Treatment maybe medical or surgical. Medical treatment usually involves carbamazepine, an antiseizure medication. If carbamazepine  fails or the patient is intolerant to this medication, other anti seizure medications have been found to be effective. Some of include gabapentin, Lamictal, Depakote, and Topamax. More recently Botox injections have been shown to help control TN. Topical Zostrix and transcutaneous nerve stimulation (TENS) are two  treatments being tested for the treatment of TN. Treatments to decompress the nerve root include a gamma knife (a form of radiation), radiofrequency ablation and balloon compression.

In summary, TN is a relatively uncommon neurological disorder, but due to its intense symptoms can be quite debilitating. It is due to the intensity of the pain that treatment is often required.

Mark Smith, MD

Restless Leg Syndrome

RLS: Restless Leg Syndrome

RLS is a neurologic condition that affects sleep and daytime functioning. The underlying cause is believed to involve abnormalities of iron and dopamine metabolism. Patients with RLS may have a compelling urge to move their legs, which worsens at night. Patients with RLS may have difficulty describing their symptoms and may present with daytime fatigue and general sleep difficulties.

The prevalence of RLS is believed to occur in 5-10% of the U.S. population. The prevalence increases with age and women are more likely to report symptoms. RLS is likely an under reported cause of insomnia related symptoms, chronic fatigue and mood disturbance.

Diagnostic criteria include- unusual urge to move limbs, active movement of limbs relieves the urge, rest brings on the urge and nighttime symptoms are worse than daytime symptoms. Most people report that the urge to move the limb is a sensation deep in the leg, but not a cramp. The legs are the primary focus, but the arms, back, and head can be involved. The spouse is often the one that forces the patient to seek help for the nighttime jerky movements. The history is often all that is needed to make the diagnosis of RLS. Medication history is helpful since some medications can aggravate RLS. Some of the common drugs that may worsen the condition are: Reglan, SSRI antidepressants, the TCA antidepressants, calcium channel blocker anti hypertensives and anti seizure medications. Alcohol and caffeine may worsen the condition. Moderate exercise before bed may decrease symptoms.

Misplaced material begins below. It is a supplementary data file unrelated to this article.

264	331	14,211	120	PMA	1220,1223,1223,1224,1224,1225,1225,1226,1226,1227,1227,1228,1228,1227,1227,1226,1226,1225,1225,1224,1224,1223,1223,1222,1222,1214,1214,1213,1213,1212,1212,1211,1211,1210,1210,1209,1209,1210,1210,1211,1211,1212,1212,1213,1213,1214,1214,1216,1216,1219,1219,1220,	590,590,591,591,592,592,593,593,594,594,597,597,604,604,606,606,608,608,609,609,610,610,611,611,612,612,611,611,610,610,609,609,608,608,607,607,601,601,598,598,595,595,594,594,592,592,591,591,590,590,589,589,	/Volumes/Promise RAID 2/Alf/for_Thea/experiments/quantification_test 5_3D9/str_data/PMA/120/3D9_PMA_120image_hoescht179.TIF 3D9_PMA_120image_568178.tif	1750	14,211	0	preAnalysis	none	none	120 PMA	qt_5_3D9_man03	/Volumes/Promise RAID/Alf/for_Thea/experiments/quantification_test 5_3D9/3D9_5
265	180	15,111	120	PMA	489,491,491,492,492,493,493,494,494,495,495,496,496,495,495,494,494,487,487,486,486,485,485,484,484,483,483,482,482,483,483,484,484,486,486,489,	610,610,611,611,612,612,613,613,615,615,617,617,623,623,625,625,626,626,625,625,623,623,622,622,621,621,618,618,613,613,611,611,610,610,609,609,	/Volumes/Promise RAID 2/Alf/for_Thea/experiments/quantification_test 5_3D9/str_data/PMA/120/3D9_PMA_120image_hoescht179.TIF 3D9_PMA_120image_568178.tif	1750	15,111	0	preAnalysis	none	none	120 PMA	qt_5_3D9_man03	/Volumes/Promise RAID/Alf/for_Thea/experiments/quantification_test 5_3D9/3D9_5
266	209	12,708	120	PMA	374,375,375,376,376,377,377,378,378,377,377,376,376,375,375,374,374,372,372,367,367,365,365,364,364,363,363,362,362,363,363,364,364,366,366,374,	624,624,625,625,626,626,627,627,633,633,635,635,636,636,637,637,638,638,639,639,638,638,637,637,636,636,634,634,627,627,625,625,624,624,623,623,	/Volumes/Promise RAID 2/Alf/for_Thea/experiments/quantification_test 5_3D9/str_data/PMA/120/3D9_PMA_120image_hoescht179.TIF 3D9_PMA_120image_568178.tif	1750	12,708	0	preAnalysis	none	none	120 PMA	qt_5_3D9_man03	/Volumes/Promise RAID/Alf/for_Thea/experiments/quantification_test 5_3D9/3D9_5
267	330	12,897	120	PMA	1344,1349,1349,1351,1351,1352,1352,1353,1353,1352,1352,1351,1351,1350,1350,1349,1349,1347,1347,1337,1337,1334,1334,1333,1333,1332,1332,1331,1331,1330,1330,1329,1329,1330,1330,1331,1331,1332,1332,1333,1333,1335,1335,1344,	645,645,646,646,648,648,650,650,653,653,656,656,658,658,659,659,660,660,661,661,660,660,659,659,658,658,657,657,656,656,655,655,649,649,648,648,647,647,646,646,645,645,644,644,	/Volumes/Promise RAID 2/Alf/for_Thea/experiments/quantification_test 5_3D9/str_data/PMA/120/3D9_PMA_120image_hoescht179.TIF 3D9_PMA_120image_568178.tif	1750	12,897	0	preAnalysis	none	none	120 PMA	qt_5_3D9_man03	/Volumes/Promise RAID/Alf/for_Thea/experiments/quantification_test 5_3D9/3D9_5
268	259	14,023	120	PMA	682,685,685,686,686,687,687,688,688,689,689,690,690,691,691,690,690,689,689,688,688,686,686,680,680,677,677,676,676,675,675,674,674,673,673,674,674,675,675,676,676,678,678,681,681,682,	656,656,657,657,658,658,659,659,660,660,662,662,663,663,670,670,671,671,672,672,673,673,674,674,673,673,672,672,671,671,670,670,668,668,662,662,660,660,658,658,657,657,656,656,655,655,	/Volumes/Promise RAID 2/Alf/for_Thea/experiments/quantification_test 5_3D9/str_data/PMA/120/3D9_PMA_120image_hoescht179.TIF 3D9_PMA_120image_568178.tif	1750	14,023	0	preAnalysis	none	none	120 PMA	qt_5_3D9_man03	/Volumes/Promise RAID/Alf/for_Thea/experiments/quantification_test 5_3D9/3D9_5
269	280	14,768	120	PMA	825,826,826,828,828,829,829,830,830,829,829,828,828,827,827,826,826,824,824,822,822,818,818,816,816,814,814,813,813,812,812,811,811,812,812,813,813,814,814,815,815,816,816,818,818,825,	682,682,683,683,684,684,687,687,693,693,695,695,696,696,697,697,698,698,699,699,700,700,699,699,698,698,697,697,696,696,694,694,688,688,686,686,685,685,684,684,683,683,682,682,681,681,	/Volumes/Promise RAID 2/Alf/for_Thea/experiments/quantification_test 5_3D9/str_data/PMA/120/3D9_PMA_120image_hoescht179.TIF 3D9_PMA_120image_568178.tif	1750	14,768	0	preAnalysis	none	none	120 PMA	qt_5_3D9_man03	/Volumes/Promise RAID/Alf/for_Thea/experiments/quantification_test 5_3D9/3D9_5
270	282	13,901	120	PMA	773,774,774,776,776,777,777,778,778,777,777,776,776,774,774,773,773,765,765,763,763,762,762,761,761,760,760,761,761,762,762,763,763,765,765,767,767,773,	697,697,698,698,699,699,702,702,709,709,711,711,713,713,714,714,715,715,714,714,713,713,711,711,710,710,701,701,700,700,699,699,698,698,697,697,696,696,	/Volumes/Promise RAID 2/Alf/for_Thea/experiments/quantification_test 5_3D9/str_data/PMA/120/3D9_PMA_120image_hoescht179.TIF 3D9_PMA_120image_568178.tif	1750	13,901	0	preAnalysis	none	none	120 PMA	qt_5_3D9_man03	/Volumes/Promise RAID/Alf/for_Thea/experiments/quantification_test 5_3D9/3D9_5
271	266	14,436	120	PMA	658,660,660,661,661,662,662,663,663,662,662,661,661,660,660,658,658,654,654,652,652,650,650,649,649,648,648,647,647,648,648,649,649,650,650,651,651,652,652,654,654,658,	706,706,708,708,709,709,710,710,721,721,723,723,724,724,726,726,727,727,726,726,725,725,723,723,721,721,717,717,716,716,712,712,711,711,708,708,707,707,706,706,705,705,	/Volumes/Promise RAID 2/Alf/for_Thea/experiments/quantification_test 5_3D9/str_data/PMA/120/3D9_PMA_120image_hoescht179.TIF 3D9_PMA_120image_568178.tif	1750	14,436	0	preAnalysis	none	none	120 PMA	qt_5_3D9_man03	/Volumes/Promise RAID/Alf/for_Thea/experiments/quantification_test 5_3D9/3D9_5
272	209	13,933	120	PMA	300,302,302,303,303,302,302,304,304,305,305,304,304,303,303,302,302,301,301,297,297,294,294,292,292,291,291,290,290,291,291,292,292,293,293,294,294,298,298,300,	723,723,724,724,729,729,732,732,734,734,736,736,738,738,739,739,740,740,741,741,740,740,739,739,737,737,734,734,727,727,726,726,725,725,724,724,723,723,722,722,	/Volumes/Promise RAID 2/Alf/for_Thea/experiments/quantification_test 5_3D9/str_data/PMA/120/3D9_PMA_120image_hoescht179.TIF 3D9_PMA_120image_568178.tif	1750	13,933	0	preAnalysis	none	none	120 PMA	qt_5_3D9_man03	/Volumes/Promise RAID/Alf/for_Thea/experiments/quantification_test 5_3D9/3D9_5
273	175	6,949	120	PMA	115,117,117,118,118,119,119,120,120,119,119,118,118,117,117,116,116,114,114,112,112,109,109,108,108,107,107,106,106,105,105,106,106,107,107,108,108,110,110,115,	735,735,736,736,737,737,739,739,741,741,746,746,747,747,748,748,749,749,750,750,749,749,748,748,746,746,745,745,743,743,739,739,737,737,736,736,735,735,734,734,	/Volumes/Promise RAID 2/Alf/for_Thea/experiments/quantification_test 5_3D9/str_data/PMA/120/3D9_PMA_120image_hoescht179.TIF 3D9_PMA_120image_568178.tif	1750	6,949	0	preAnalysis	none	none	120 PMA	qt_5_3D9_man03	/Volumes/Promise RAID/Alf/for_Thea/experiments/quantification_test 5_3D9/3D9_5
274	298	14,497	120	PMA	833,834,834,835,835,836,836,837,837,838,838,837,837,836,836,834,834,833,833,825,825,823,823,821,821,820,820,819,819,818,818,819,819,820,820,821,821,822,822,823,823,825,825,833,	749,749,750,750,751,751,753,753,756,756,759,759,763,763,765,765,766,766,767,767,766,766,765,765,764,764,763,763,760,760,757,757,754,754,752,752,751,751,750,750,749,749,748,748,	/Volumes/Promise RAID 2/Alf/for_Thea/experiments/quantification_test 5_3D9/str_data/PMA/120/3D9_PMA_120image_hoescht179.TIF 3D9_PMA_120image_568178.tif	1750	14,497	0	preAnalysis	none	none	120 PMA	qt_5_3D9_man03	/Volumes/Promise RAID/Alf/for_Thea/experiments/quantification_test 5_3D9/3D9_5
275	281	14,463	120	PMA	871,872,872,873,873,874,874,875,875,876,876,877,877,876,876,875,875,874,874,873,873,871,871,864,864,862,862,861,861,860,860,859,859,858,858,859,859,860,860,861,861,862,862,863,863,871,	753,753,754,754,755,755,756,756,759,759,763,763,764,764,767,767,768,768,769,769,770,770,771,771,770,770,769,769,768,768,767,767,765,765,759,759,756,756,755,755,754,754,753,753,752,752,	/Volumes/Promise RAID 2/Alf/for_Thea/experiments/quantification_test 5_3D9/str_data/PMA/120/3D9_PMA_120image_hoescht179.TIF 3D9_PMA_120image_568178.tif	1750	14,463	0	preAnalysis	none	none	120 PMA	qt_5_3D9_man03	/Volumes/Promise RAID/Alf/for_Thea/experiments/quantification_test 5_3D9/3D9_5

Treatment of RLS includes avoidance of medications, alcohol and caffeine. The four main groups of medications found to be useful in the treatment of RLS are: Dopamine agents (Mirapex and Requip), Benzodiazepines (Klonopin, which is clonazepam), Opioids (Codeine, Methadone), and anitepileptics (Neurontin, which is gabapentin,  and Topomax). The dopamine agents are considered to be the first line treatment for RLS. They appear to be the most effective for mild, moderate or severe RLS. This class of medications is also used in the treatment of Parkinson’s disease. However, no link between RLS and Parkinson’s disease has been discovered.

Mark Smith, MD

Lab Tests – What Do They Mean?

WHAT DO MY LAB TESTS MEAN?

The tests we discuss below have links to a website that can give you more information than the brief information here; the site also discusses tests not reviewed below, and symptoms that can be associated with the abnormalities. Another source of information about lab tests is at http://www.nlm.nih.gov/medlineplus/laboratorytests.html.

Liver Tests: (ALT, AST, ALK Phosphatase, Bilirubin)

http://www.labtestsonline.org/understanding/analytes/liver_panel/glance.html

Alkaline Phosphatase is an enzyme (protein) found in the liver, bone, and intestinal tissues. In the liver, it is mainly located in the ducts (tubes) that run throughout the liver. Some causes of elevated levels include:

  • Drug reaction (medication side effect)
  • Anticonvulsant use (phenytoin/Dilantin, Phenobarbital)
  • Alcoholism
  • Diabetes mellitus
  • Liver Disease (especially obstruction of the ducts), including hepatitis, cirrhosis
  • Gallstones
  • Bone Disease, including Paget’s Disease
  • Bone Cancers, pancreas cancer, some blood cancers (multiple myeloma), other cancers